The tangled web we weave: how humans influence predator-prey dynamics
Large carnivores like gray wolves (Canis lupus) play key roles in regulating ecosystem structure and function. After being functionally extirpated from the United States by the early 1900s, wolves have recently recolonized portions of their historic ranges and are increasingly coming into contact with a rapidly-growing human population. When carnivores encounter humans, the way they behave, and therefore the way they shape ecosystems, is likely to change. Unfortunately, our ability to predict how wolves will affect ecosystems in human-dominated areas is limited by an incomplete understanding of how and why carnivores respond to human influence. We are therefore investigating wolf kill sites across Jackson Hole, Wyoming, where we can disentangle the effects of multiple simultaneous human influences. Specifically, we are evaluating whether and how spatiotemporal patterns of wolf predation may change in response to unnatural physical infrastructure, disturbance from general human activity, potential threat of mortality, and human-altered prey distributions. Our ongoing field study will help managers anticipate effects of wolf predation in and around human-influenced areas while contributing novel information to theories of predation risk and predator-prey interactions.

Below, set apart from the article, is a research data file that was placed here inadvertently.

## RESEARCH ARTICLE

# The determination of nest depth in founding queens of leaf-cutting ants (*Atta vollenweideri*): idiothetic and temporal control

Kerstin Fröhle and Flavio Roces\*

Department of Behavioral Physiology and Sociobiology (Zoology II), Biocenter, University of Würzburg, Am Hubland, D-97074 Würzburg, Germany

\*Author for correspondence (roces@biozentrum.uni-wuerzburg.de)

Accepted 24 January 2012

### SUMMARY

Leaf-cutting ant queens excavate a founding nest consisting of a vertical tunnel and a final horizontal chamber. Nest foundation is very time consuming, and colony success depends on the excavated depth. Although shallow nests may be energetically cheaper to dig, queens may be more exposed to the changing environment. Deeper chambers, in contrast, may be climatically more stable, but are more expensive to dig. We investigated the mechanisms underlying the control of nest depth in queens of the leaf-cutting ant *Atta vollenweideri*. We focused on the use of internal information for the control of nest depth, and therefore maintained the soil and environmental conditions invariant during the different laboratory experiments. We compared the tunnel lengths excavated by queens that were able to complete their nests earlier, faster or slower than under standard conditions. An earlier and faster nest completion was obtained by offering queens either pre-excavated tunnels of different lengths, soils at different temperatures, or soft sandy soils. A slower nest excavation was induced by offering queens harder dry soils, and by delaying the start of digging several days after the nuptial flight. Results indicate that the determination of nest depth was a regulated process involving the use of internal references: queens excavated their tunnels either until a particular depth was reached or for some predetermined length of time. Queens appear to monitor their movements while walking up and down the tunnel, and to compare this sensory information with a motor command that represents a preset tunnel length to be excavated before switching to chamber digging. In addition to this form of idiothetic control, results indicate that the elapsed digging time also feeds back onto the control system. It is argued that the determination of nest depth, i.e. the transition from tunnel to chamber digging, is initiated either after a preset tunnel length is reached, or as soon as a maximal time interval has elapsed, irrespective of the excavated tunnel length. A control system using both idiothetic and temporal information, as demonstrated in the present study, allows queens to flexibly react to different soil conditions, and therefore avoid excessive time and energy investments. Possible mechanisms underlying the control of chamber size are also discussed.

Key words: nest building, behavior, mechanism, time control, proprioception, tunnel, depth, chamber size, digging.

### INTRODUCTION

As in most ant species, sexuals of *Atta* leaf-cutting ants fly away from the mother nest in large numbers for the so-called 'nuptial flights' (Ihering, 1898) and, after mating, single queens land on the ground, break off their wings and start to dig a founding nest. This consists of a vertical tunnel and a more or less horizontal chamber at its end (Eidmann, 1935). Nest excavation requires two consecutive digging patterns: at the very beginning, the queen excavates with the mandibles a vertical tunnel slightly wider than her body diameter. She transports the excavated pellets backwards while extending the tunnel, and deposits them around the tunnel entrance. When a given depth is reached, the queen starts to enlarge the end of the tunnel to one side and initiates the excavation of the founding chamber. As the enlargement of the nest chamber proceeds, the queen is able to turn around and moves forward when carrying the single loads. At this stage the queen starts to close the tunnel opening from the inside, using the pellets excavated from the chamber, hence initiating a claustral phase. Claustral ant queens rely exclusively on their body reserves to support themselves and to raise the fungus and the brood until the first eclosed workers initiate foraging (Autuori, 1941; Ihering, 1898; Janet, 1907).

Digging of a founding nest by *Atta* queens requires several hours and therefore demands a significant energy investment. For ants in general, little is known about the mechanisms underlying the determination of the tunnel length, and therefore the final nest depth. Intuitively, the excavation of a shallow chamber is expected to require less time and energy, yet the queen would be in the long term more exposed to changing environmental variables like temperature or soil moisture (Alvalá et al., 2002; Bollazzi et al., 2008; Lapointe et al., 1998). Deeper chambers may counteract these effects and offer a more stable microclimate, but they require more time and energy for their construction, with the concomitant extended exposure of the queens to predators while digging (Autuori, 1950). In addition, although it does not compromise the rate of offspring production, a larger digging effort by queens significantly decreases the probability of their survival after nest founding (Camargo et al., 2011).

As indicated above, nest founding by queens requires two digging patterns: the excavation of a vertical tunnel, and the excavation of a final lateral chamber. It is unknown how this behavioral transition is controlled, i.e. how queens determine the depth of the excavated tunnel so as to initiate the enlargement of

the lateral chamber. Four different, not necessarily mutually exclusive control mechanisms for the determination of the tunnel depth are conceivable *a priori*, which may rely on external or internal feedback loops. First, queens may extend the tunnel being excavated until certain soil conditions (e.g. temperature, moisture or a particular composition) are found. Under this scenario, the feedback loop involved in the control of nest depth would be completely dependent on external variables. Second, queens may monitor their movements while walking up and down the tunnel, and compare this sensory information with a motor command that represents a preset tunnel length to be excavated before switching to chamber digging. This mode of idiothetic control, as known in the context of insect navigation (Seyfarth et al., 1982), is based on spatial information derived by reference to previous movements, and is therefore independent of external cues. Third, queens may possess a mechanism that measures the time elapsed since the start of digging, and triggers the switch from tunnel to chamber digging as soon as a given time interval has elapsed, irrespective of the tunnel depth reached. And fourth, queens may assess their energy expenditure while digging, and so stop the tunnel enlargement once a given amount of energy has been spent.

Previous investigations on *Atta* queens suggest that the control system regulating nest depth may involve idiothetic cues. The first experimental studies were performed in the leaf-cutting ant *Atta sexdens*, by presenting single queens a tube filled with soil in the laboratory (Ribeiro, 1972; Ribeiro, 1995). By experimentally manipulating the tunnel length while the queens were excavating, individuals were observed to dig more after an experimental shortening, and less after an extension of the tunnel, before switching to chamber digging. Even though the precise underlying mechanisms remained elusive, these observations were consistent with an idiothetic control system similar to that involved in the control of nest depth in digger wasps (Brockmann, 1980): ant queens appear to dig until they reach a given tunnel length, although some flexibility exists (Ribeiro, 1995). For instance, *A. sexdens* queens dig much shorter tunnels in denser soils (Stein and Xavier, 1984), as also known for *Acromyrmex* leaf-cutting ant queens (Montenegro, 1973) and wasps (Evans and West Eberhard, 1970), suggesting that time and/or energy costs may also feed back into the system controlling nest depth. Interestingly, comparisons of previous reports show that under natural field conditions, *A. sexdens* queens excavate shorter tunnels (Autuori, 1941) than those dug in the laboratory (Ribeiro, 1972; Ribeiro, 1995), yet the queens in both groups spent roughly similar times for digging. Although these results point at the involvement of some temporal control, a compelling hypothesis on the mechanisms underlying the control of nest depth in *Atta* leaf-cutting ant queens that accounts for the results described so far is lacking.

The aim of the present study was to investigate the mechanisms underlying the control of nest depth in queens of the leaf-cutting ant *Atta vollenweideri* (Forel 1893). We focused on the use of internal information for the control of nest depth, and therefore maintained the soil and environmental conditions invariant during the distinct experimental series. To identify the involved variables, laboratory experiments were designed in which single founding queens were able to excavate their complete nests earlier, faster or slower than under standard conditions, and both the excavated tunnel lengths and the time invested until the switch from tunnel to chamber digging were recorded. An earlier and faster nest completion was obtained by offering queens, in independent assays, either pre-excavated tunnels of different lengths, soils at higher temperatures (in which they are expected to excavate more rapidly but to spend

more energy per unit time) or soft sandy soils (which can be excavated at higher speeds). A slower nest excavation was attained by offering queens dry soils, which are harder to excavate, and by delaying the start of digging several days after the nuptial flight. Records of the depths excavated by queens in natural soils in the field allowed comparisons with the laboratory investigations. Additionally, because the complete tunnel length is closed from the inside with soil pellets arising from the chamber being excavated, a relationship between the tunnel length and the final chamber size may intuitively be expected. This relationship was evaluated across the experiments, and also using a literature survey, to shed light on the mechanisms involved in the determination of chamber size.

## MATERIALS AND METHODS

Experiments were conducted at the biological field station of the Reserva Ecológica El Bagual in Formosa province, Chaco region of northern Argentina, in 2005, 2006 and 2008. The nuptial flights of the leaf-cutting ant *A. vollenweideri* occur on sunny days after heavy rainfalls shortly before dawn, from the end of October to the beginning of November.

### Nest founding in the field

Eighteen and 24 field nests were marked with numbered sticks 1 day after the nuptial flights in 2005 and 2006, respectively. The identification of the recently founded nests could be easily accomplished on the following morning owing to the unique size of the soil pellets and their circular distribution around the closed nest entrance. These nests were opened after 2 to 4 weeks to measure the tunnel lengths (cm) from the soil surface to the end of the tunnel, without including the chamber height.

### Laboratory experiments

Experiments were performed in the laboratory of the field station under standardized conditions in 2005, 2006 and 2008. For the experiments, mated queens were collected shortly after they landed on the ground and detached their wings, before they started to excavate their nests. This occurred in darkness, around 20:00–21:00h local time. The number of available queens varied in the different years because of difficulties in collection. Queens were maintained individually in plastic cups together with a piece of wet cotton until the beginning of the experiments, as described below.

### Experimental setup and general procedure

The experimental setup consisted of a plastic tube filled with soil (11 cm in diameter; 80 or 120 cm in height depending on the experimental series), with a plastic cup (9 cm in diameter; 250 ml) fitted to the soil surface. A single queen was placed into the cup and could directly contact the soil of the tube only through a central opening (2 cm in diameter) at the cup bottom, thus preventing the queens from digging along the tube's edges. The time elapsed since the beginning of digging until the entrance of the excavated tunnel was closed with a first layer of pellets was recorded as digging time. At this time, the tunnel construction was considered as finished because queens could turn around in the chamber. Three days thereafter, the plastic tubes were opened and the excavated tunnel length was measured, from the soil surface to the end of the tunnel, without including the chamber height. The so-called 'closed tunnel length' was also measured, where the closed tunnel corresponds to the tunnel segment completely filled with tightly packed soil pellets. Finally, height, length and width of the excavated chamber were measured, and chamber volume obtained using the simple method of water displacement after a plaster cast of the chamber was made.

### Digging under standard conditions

Featured photo by YNP on Flickr. https://flic.kr/p/HGfKqs